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US Military Aims to Launch Cheap New 'Blackjack' Spy Satellites in 2021
The U.S. Defense Advanced Research Projects Agency (DARPA) is developing a prototype line of cost-effective reconnaissance satellites that will set up shop in low Earth orbit, as part of a program called Blackjack.
Credit: DARPA

The U.S. spy-satellite network will get a serious makeover in the next few years, if all goes according to plan.

Most U.S. reconnaissance craft are purpose-built monoliths that operate in geostationary orbit, about 22,300 miles (35,800 kilometers) above Earth. Though these singletons are extremely capable, they're expensive, typically costing $1 billion or more to build, launch and operate. And it takes a decade or so to develop each one, said Paul "Rusty" Thomas, of the Tactical Technology Office at the U.S. Defense Advanced Research Projects Agency (DARPA).

The nation's current spy satellites, therefore, aren't terribly responsive to new technologies and new developments, and they represent "big, fat, juicy targets" to adversaries, Thomas said last week during a presentation with NASA's Future In-Space Operations (FISO) working group. [Military Space: The Spacecraft, Weapons and Tech]

U.S. military leaders want to change this situation, and they're counting on DARPA to get the ball rolling. The agency has mounted a program called Blackjack, which aims to loft a network of 20 prototype spy satellites to low Earth orbit (LEO) in 2021.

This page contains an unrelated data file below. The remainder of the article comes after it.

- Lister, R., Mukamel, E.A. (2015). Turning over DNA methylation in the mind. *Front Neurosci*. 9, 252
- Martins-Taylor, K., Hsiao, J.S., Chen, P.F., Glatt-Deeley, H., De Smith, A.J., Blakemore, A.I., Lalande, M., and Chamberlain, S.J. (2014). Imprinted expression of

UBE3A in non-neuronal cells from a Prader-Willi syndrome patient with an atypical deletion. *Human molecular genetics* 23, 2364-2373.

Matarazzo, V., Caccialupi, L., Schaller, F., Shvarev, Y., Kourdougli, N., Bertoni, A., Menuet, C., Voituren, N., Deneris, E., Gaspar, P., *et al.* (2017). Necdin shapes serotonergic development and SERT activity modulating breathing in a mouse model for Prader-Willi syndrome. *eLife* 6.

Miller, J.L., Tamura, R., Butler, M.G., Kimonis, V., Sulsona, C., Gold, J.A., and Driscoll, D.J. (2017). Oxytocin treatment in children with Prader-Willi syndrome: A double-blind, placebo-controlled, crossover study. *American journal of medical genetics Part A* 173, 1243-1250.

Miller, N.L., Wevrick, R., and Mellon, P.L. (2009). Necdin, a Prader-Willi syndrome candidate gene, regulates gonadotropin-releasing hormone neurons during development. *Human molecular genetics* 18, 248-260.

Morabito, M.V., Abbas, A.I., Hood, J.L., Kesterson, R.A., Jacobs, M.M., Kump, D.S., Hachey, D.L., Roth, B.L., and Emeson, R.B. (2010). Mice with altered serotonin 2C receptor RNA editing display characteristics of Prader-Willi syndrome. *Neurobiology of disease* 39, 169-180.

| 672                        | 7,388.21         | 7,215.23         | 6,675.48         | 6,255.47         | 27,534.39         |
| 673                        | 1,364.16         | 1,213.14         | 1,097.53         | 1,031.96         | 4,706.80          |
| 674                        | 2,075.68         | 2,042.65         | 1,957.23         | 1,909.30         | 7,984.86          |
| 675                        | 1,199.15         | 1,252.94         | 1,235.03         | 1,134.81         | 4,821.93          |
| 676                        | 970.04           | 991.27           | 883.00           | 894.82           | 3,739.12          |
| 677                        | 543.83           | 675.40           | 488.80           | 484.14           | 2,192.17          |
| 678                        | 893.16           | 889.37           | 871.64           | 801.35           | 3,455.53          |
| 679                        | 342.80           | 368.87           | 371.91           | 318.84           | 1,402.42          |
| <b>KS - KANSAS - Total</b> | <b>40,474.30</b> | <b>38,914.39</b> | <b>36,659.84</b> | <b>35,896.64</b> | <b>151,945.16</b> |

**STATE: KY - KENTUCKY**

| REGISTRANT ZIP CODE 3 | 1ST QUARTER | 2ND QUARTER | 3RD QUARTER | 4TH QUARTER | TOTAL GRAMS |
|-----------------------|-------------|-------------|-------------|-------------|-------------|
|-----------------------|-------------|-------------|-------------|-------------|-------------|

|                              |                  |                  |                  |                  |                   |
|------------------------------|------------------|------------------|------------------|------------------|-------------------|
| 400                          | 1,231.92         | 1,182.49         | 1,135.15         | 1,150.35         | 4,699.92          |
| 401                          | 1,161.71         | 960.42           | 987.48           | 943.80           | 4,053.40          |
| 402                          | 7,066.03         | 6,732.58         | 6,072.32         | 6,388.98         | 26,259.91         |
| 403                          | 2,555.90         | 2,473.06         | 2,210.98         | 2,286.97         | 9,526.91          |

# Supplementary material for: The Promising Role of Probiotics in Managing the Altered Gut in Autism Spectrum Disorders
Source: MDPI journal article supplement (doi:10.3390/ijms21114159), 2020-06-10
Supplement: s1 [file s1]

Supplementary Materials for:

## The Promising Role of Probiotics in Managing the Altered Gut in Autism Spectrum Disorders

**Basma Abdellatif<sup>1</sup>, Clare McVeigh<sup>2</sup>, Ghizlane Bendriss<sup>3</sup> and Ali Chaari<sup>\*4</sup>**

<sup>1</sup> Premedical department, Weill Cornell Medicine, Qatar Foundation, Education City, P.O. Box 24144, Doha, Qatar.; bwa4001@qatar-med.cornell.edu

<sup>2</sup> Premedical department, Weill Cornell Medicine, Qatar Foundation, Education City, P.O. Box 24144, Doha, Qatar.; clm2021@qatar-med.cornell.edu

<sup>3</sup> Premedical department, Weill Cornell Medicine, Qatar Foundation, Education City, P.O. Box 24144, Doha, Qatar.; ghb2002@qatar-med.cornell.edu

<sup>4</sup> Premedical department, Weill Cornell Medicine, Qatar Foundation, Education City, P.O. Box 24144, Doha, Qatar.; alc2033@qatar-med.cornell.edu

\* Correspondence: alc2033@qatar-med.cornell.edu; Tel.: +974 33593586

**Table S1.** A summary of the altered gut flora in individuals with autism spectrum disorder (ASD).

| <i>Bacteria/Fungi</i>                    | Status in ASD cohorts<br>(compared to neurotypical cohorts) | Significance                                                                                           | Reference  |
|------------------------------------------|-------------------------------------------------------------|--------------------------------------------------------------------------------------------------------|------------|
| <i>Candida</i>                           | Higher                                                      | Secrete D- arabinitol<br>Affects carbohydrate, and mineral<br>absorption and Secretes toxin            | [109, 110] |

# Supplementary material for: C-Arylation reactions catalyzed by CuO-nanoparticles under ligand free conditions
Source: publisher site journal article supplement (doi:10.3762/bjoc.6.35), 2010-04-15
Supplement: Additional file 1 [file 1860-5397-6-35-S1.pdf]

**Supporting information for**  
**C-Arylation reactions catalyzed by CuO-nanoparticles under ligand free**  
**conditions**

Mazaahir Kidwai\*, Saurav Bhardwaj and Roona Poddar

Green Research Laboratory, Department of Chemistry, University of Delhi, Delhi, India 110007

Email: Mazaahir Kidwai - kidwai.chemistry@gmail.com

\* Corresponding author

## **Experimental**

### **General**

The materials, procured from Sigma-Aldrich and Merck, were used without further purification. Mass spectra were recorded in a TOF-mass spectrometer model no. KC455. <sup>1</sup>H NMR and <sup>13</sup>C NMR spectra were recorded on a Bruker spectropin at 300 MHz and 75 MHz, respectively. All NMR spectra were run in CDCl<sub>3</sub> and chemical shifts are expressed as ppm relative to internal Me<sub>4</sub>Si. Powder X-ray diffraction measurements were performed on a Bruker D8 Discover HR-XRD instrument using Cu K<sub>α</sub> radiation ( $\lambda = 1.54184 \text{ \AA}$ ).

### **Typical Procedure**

These craft will be incredibly cheap compared to the current crop: The goal is get each satellite built and launched for about $6 million, said Thomas, the Blackjack program manager.

Blackjack aims to meet this ambitious cost target by leveraging developments in the private space sector. Several companies plan to establish huge constellations in LEO in the next few years, to deliver cost-effective internet service to people around the globe. SpaceX's Starlink network, for example, will feature thousands of individual satellites.

Blackjack will integrate reconnaissance and communications payloads into standard commercial satellite bodies (known as buses) and take advantage of the high launch rate required to loft the mega-constellations, Thomas said.

"The Blackjack approach assumes that we're not going to be an anchor tenant. We're not going to be driving these companies," he said during the FISO presentation. "But we want to take advantage of that production line of spacecraft, the buses especially, that they're going to be building. We want to take advantage of that launch and take advantage of all of those pieces."

And there are advantages to setting up shop in LEO, just 620 miles (1,000 km) or so above the planet, in addition to the relatively cheap ride. Signal strength is about 1,300 times higher there than it is in geostationary orbit, Thomas said, and communications get down to Earth faster.